A. Cheprunov

In Soviet Russia, newspaper industry collapse YOU!

The pilots objected to the excess cargo, but the officers (who were likely drunk, based on how most of these trips went) overruled their concerns. They also fired several pilots, something it's not clear they had the authority to do, which was enough to force obedience from all who remained. Doing the math, it was possible to fly the plane with all that extra cargo. It was also possible the cargo would shift and bring the plane down, which is what happened.

It all sounds like some fable about a greedy king who piles a bunch of gold into a sack then drowns. Really though, you can't lay the blame for this on greed alone. In a sane world, if someone is so greedy that they seek such luxuries as "chairs" and "fruit," they shouldn't have to buy them during a once-in-a-lifetime trip and check them in as luggage. They should be able to just order the stuff, and pay extra if needed for shipping it using some method that kills no one. 

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A Hillbilly Murdered A Reporter, Because Reporters Kept Portraying His People As Hillbillies

Nowadays, there's this trend of reporters traveling to rural areas to find out what those there think. Many people mock this trend, since the reporters rarely venture very far from the beaten path (either in geography or philosophy), and the whole thing comes off very superficial. Half a century ago, however, reporters had their own trend of rural reporting. The destination was Appalachia, and the goal was documenting previously unreported poverty.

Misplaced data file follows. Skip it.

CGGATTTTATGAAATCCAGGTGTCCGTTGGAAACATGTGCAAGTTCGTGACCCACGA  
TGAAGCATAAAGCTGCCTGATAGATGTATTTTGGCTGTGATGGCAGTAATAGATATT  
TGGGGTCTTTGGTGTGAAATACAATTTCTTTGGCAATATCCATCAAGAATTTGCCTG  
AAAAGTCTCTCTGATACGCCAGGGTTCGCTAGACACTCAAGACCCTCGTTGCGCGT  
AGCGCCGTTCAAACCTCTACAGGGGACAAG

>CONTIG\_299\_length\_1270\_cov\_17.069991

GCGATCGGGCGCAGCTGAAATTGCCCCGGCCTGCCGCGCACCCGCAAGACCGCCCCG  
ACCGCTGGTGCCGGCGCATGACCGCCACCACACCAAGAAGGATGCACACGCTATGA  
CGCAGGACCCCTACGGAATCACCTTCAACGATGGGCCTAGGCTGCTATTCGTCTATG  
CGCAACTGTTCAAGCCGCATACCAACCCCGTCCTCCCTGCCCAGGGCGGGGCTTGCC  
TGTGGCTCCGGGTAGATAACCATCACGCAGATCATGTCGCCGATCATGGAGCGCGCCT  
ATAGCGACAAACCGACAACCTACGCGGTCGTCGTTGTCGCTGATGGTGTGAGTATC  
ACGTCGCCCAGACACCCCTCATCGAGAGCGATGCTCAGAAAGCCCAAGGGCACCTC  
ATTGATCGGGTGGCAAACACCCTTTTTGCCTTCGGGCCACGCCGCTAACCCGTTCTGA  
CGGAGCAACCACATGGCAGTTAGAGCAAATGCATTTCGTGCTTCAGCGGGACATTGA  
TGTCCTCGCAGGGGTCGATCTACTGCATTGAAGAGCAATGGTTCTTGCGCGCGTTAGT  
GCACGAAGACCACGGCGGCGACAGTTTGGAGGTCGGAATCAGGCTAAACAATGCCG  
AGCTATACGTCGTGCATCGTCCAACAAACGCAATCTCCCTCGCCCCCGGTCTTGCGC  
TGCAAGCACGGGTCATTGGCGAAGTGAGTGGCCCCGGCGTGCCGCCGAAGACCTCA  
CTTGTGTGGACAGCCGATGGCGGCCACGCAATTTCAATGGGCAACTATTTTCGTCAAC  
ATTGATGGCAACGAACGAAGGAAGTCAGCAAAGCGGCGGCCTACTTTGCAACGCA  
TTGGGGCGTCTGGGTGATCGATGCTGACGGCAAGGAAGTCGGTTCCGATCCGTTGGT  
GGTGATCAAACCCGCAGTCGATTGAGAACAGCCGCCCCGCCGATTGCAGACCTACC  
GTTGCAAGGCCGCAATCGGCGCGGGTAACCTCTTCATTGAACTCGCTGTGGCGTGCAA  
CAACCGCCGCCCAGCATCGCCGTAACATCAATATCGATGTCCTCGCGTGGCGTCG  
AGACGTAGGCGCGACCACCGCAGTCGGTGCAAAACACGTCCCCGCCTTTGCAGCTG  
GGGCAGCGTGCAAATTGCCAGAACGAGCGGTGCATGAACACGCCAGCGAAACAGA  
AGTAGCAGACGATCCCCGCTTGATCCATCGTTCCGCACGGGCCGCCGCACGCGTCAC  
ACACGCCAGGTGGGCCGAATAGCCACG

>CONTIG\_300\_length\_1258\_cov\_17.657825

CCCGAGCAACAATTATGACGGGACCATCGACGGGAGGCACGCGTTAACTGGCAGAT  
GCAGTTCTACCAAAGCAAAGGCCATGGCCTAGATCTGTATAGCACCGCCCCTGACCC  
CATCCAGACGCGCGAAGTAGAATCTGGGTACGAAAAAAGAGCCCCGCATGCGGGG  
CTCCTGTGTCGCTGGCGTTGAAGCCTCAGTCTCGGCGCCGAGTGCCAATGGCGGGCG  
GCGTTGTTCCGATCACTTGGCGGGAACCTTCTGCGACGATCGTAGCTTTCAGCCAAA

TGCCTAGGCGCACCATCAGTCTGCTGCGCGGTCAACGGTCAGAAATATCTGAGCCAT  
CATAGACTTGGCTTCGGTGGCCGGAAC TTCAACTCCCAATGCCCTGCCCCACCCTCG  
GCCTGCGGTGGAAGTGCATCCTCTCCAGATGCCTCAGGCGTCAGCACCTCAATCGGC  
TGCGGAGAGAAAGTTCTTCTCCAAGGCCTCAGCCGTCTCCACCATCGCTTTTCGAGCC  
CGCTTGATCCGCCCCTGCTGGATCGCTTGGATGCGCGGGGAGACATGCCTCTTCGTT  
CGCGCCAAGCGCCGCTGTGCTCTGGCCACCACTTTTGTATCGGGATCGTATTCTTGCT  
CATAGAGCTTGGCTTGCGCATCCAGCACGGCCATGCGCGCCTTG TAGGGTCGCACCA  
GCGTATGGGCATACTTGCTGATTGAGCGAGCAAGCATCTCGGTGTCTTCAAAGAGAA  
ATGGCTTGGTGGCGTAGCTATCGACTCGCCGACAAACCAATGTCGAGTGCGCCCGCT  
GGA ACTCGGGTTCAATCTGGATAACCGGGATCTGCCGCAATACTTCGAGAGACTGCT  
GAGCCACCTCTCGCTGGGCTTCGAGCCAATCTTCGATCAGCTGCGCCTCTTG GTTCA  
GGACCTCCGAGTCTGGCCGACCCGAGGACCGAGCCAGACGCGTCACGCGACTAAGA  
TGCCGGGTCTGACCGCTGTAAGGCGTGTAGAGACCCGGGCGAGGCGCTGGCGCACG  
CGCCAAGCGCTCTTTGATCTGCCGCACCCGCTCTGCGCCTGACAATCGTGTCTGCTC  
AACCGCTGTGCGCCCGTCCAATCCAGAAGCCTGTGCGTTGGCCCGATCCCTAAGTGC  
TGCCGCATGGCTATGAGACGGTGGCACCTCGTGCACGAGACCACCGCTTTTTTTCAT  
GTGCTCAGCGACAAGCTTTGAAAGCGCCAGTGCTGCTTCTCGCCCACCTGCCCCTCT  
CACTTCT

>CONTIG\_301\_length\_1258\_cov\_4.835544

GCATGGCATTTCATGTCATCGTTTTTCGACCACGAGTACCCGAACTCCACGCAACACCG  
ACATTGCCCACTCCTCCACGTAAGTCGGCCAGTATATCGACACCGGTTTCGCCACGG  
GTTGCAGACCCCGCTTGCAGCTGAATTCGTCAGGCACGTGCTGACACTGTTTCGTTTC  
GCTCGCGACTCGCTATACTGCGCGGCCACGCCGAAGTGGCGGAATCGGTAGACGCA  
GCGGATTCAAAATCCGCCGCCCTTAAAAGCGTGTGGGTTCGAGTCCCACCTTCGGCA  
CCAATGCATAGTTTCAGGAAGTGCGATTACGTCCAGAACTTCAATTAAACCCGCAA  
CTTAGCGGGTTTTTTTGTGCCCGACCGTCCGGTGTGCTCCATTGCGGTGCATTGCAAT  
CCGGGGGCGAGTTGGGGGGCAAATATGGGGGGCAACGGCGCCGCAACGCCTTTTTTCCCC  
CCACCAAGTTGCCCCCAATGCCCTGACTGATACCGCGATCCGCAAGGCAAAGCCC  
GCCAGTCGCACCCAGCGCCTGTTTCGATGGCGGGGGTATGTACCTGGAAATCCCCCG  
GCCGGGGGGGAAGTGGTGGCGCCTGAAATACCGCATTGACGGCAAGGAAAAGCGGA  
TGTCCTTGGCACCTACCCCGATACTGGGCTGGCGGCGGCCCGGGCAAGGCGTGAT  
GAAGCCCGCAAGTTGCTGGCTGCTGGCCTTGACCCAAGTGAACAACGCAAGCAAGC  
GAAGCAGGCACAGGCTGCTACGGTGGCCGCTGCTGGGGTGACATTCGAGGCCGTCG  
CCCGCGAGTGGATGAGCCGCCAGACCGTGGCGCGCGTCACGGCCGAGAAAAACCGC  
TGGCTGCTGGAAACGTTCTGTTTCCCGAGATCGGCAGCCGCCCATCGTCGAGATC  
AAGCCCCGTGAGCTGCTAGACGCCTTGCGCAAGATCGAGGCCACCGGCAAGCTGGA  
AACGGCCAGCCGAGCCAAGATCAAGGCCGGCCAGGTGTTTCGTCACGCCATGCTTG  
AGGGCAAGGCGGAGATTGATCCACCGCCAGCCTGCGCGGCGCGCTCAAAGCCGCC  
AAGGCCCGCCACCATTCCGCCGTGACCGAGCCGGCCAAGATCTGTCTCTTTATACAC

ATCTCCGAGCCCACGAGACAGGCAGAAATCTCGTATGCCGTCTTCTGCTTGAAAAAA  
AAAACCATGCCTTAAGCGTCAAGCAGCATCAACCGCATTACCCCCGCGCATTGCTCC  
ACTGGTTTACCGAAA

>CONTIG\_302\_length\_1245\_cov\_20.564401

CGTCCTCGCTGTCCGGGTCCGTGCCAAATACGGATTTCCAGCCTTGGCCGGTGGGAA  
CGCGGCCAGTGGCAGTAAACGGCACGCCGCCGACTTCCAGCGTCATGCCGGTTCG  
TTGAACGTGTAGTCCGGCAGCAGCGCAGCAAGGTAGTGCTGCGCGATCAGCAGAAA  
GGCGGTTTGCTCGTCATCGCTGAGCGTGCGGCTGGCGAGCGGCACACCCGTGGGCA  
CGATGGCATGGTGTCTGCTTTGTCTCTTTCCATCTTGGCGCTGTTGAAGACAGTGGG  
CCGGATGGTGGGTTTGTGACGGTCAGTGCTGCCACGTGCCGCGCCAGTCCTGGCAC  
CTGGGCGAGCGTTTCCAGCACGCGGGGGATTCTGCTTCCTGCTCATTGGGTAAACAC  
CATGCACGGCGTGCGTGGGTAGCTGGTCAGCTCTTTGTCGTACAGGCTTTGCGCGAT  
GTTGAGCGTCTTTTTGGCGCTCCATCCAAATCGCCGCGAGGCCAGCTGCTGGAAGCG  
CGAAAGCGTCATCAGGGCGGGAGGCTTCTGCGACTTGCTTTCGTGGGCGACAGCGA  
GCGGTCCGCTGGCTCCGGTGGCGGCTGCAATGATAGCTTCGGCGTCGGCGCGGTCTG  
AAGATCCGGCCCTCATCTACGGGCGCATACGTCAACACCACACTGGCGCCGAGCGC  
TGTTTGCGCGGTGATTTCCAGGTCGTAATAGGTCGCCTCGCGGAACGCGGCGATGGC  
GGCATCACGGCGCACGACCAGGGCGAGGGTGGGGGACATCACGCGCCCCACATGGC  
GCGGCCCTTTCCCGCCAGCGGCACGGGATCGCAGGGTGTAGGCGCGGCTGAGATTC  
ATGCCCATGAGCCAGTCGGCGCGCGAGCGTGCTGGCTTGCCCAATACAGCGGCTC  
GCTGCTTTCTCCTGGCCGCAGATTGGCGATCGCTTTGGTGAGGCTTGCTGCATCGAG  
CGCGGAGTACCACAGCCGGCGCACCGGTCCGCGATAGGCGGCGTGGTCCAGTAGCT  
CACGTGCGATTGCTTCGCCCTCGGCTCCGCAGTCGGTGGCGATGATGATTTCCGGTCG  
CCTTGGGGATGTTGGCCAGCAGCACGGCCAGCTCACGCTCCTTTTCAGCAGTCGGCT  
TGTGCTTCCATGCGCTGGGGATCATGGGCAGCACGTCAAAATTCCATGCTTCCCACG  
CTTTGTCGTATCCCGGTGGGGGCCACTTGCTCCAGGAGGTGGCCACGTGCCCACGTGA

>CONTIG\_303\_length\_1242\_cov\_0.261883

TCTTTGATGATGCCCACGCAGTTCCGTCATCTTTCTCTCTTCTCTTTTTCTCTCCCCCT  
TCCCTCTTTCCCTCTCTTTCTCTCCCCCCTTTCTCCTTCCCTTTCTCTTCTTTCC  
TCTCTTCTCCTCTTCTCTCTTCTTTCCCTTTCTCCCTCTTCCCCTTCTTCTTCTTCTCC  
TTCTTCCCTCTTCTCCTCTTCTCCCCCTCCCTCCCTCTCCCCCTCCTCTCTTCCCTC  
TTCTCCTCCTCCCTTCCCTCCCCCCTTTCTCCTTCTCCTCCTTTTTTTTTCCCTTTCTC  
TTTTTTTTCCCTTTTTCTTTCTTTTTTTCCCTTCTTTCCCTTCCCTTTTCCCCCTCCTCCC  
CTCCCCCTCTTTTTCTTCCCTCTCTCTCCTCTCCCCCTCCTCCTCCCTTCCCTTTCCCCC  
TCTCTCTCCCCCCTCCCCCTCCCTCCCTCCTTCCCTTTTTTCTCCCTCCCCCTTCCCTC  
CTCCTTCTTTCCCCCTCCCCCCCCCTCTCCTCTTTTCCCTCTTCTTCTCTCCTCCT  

By "poverty," we're not talking about people having trouble paying their bills. We're talking people in homes with no electricity, no running water, no toilets, scavenging coal by hand to burn for warmth. Readers elsewhere in America had been previously unaware anyone in the country lived this way. And those in Appalachia themselves, on getting their story told, were ... not entirely appreciative of the attention. The coverage insulted them, said some residents, even if it was true. Or, it wasn't true—if it was true for some people, it wasn't true for everyone, so don't go portraying all of us like those Appalachians. 

Home of George Hoskins, his wife and ten children. Bell County, Kentucky,

Department of the Interior

Show a nice home instead, like this one, with power and a fridge. 

Canadian reporter Hugh O'Connor went to Jeremiah, Kentucky, in September 1967 to film a documentary titled US. He interviewed some miners living in a rented shack, till the segment was interrupted by the arrival of the property owner, Hobart Ison. Ison pointed a .38 revolver at O'Connor and the crew, telling them to clear off. They prepared to do so, but they figured step one was to pack up all their equipment